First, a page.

The core of the INPI’s study is a survey on how businesses deal with this legal requirement. This is quite enlightening as the statute does not provide many details and leaves it open how the compensation should be calculated and when it should be paid. Case law on this topic has provided some guidelines without however setting any generally applicable rules.

There are many interesting questions in the survey, but I picked a few ones which I found particularly blog worthy:

First, the form of the compensation. 60.5% of companies offer a lump sum-only compensation. Only 1.2% provide a compensation which is entirely dependent on whether/how the invention is exploited. The rest of the surveyed rely on a combination of both. Lump sum-only systems are certainly easier to implement (and potentially cheaper). But compensation systems which somehow take into account the exploitation of the invention might be more resistant to a court challenge.

Second, the points in time at which the compensation is paid. There are many different possibilities here, and in some companies several installments are paid over time. Thus, bonuses are typically paid when the initial patent application is filed (76.5% of respondents); when patent applications are filed abroad (33.3%); when a patent is granted at the EPO or abroad (34.6%); during exploitation of the invention (33.3%); etc. Interestingly, 8.6% of the surveyed said an installment is paid as soon as the employer becomes aware of the invention.

Third, the amount of the compensation. This is of course a key aspect. The study makes a distinction between lump sum-only compensation systems and mixed compensation systems (wherein the exploitation of the invention is partly taken into account):

  • In lump sum-only systems, the median value of the minimum awarded bonus is 500 €, while the median value of the maximum awarded bonus is 2,000 €. The maximum amount reported in the entire survey is 11,000 €.
  • In mixed systems, the median value of the minimum awarded bonus is 400 €, while the median value of the maximum awarded bonus is 15,000 €. The maximum amount reported in the entire survey is 105,000 €.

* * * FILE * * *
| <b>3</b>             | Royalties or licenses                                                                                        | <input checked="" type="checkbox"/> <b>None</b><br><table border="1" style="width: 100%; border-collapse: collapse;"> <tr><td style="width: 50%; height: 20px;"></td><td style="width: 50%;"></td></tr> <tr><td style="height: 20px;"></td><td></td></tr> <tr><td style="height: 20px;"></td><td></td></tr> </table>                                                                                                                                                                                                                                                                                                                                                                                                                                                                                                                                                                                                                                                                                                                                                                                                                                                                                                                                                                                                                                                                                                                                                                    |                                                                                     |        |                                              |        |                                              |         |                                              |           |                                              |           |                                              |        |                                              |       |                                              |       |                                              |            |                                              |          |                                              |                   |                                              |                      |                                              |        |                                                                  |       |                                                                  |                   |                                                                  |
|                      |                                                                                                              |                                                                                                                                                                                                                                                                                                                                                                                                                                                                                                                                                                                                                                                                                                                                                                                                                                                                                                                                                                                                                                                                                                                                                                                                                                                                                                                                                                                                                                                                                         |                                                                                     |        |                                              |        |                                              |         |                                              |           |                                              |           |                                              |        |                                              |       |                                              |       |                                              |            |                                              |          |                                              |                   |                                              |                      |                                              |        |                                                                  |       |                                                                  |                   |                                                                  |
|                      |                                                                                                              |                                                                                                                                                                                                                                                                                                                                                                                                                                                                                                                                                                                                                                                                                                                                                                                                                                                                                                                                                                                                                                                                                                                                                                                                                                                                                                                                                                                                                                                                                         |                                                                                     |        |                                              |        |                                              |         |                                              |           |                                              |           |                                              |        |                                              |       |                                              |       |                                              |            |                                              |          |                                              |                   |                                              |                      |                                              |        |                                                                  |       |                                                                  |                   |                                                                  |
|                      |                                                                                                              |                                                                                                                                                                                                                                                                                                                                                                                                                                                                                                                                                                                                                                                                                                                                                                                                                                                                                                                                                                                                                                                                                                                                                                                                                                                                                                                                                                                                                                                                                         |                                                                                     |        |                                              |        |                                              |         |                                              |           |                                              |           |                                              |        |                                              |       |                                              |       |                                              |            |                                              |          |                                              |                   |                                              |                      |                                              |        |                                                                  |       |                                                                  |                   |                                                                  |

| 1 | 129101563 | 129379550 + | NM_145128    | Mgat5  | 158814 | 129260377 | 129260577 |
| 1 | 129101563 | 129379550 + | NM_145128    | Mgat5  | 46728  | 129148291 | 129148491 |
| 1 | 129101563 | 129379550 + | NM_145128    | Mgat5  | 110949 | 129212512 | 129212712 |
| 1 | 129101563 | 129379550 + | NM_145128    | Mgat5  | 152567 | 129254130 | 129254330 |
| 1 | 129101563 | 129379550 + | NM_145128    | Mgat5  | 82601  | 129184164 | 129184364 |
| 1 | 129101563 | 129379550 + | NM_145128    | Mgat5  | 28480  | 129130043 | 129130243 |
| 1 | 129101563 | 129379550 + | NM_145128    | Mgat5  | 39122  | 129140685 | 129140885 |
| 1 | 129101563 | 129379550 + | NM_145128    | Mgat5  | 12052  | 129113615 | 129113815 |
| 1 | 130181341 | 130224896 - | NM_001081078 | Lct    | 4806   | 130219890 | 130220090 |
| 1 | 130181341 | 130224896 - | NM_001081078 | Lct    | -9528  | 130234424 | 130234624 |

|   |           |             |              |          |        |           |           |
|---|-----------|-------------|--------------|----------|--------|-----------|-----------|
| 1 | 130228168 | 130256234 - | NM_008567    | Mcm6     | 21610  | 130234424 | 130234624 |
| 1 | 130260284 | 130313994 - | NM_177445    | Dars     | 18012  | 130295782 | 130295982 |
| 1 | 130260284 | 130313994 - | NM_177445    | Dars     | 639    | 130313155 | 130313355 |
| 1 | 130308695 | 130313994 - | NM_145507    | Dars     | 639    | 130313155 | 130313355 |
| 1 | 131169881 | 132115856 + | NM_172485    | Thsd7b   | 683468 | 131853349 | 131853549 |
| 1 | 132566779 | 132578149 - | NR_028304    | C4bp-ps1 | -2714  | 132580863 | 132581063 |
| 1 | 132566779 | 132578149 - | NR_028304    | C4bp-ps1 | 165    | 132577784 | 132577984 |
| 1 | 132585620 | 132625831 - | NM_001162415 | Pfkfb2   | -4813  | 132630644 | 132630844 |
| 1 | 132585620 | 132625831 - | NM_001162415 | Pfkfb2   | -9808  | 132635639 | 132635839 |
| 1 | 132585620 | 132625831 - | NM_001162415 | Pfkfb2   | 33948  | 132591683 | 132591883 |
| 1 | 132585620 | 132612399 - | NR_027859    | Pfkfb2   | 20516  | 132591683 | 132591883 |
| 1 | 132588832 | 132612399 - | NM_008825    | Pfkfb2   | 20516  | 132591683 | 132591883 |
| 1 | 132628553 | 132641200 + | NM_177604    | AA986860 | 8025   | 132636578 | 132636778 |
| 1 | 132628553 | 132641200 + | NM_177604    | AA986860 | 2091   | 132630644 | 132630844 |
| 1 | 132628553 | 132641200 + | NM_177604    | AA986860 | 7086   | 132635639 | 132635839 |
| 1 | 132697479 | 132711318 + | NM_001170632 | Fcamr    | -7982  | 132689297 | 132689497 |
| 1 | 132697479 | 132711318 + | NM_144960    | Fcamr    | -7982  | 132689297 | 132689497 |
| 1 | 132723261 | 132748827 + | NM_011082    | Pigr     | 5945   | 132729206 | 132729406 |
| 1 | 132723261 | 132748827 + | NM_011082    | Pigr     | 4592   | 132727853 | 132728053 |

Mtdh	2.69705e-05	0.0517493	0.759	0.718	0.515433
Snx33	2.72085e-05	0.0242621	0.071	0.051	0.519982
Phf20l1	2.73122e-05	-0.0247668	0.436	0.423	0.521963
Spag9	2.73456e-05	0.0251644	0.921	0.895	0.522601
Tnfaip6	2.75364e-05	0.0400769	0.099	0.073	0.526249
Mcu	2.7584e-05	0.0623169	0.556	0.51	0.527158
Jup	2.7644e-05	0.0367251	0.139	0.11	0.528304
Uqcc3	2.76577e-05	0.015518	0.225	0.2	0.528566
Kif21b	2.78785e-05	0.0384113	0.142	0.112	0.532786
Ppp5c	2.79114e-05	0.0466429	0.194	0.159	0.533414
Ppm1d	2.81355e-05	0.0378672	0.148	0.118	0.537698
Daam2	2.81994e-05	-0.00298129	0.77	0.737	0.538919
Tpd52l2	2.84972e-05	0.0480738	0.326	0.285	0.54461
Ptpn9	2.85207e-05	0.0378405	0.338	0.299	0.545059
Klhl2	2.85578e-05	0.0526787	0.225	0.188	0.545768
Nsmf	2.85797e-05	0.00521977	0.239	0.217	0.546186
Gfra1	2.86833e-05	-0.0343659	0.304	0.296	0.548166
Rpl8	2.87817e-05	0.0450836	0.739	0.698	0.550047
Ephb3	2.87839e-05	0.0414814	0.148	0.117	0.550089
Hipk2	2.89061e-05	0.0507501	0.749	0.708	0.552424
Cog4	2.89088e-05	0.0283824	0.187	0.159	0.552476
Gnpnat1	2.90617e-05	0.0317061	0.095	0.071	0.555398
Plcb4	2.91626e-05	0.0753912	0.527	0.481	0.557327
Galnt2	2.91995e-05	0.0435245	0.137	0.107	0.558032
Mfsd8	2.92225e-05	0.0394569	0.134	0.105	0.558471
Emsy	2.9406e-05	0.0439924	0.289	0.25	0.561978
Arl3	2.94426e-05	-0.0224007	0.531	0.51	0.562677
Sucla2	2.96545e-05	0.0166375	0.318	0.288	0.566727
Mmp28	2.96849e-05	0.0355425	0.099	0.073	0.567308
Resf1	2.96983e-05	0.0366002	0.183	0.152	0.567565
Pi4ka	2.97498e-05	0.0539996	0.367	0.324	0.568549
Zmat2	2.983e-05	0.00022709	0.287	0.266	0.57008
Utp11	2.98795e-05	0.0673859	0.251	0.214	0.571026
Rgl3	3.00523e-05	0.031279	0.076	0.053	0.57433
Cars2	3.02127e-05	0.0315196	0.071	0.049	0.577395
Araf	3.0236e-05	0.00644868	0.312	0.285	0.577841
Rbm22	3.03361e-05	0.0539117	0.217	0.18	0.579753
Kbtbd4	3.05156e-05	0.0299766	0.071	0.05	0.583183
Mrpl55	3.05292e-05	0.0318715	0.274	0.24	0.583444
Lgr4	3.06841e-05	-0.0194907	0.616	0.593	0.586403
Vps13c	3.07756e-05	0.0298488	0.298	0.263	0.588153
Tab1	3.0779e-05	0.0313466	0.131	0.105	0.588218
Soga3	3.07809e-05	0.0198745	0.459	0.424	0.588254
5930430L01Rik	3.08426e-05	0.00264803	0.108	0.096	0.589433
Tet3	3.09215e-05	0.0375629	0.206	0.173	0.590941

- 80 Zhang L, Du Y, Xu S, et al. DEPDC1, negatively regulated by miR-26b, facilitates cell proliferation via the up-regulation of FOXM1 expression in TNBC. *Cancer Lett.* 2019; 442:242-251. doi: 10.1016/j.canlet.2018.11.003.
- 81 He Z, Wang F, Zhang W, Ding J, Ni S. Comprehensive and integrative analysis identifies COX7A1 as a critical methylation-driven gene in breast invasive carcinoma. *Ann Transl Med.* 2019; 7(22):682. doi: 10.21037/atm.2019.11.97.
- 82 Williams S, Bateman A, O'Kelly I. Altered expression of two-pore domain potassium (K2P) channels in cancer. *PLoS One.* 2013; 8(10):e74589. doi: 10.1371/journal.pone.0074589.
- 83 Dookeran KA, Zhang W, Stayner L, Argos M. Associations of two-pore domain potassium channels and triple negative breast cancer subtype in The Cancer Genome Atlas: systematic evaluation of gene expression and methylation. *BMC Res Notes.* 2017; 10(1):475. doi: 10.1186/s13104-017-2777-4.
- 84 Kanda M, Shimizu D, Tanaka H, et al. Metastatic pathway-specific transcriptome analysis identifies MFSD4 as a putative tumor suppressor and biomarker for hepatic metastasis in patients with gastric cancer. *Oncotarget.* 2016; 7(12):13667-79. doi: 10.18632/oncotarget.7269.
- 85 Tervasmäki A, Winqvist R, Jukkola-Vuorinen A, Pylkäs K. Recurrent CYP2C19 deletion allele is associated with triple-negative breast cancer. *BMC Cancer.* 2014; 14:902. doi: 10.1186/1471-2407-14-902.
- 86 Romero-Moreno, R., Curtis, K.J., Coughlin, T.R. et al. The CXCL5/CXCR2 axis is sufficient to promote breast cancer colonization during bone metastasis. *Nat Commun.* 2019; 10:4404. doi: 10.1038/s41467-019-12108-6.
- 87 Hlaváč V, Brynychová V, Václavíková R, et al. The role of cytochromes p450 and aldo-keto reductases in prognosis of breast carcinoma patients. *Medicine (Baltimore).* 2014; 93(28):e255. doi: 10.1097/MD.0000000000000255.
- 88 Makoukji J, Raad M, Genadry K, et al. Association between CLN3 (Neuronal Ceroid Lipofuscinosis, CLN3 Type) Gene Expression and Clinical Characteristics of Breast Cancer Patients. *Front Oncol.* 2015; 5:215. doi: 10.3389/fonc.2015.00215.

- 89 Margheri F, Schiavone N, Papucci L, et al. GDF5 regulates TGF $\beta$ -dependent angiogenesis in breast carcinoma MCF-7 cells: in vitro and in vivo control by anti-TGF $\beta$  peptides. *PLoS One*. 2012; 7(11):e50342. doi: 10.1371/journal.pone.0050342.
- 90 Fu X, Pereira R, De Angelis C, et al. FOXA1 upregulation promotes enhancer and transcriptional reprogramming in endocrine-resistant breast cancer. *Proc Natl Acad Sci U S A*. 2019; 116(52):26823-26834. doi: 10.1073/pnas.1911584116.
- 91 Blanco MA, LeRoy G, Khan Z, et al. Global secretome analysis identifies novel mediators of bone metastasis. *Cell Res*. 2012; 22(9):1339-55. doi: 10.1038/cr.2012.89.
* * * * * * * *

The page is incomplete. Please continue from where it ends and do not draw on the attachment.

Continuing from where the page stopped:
In summary, the span is broader in mixed systems, with a shift towards higher compensations. I assume that the higher bonuses must be rare: they must correspond to exceptionally valuable inventions.

The study also contains a breakdown of lump sum installments, depending on the point of time at which they are paid. For instance, in the majority of cases, the bonus for the initial patent application filing is between 500 and 1,000 €. But foreign filing bonuses and patent grant bonuses are somewhat higher, with a majority of cases between 1,000 € and 2,500 €.

Fourth, the frequency of disputes between an employer and its inventors. Fortunately, 67.2% of those surveyed reported no dispute. In 10.1% of cases, the employer received at least one complaint from an inventor. In 10.1% of cases, a dispute had to be handled by the national conciliation commission (CNIS, Commission nationale des inventions de salariés). In 6.3% of cases, a dispute went as far as a lawsuit in front of the Tribunal de grande instance (TGI).

If we add the CNIS and TGI cases, this is 16.4%, which seems to me like a relatively high dispute rate.

The study contains a number of other interesting data. It offers a comparison with a similar study performed in 2008. It provides practical examples of compensation systems set up by a number of companies, such as Air Liquide. This should be most useful for those businesses which still need to set up their own compensation system. In this respect, 7.4% of those surveyed still do not have a compensation system in place, although this is required by the law. My guess is that among those not surveyed, including many IP-unaware SMEs, the proportion could be significantly higher.

The study also provides a comparison of the French legal framework with other systems abroad.

Some of the annexes are also useful. One of them provides a list of bonuses awarded by the CNIS between 2011 and 2015. The amount awarded by invention ranges from 333 € to 50,000 €, with a total amount (for all inventions in dispute) ranging from 1,000 € to 300,000 €. This broad range certainly corresponds to a large variety of inventions, from useless ones to extremely profitable ones.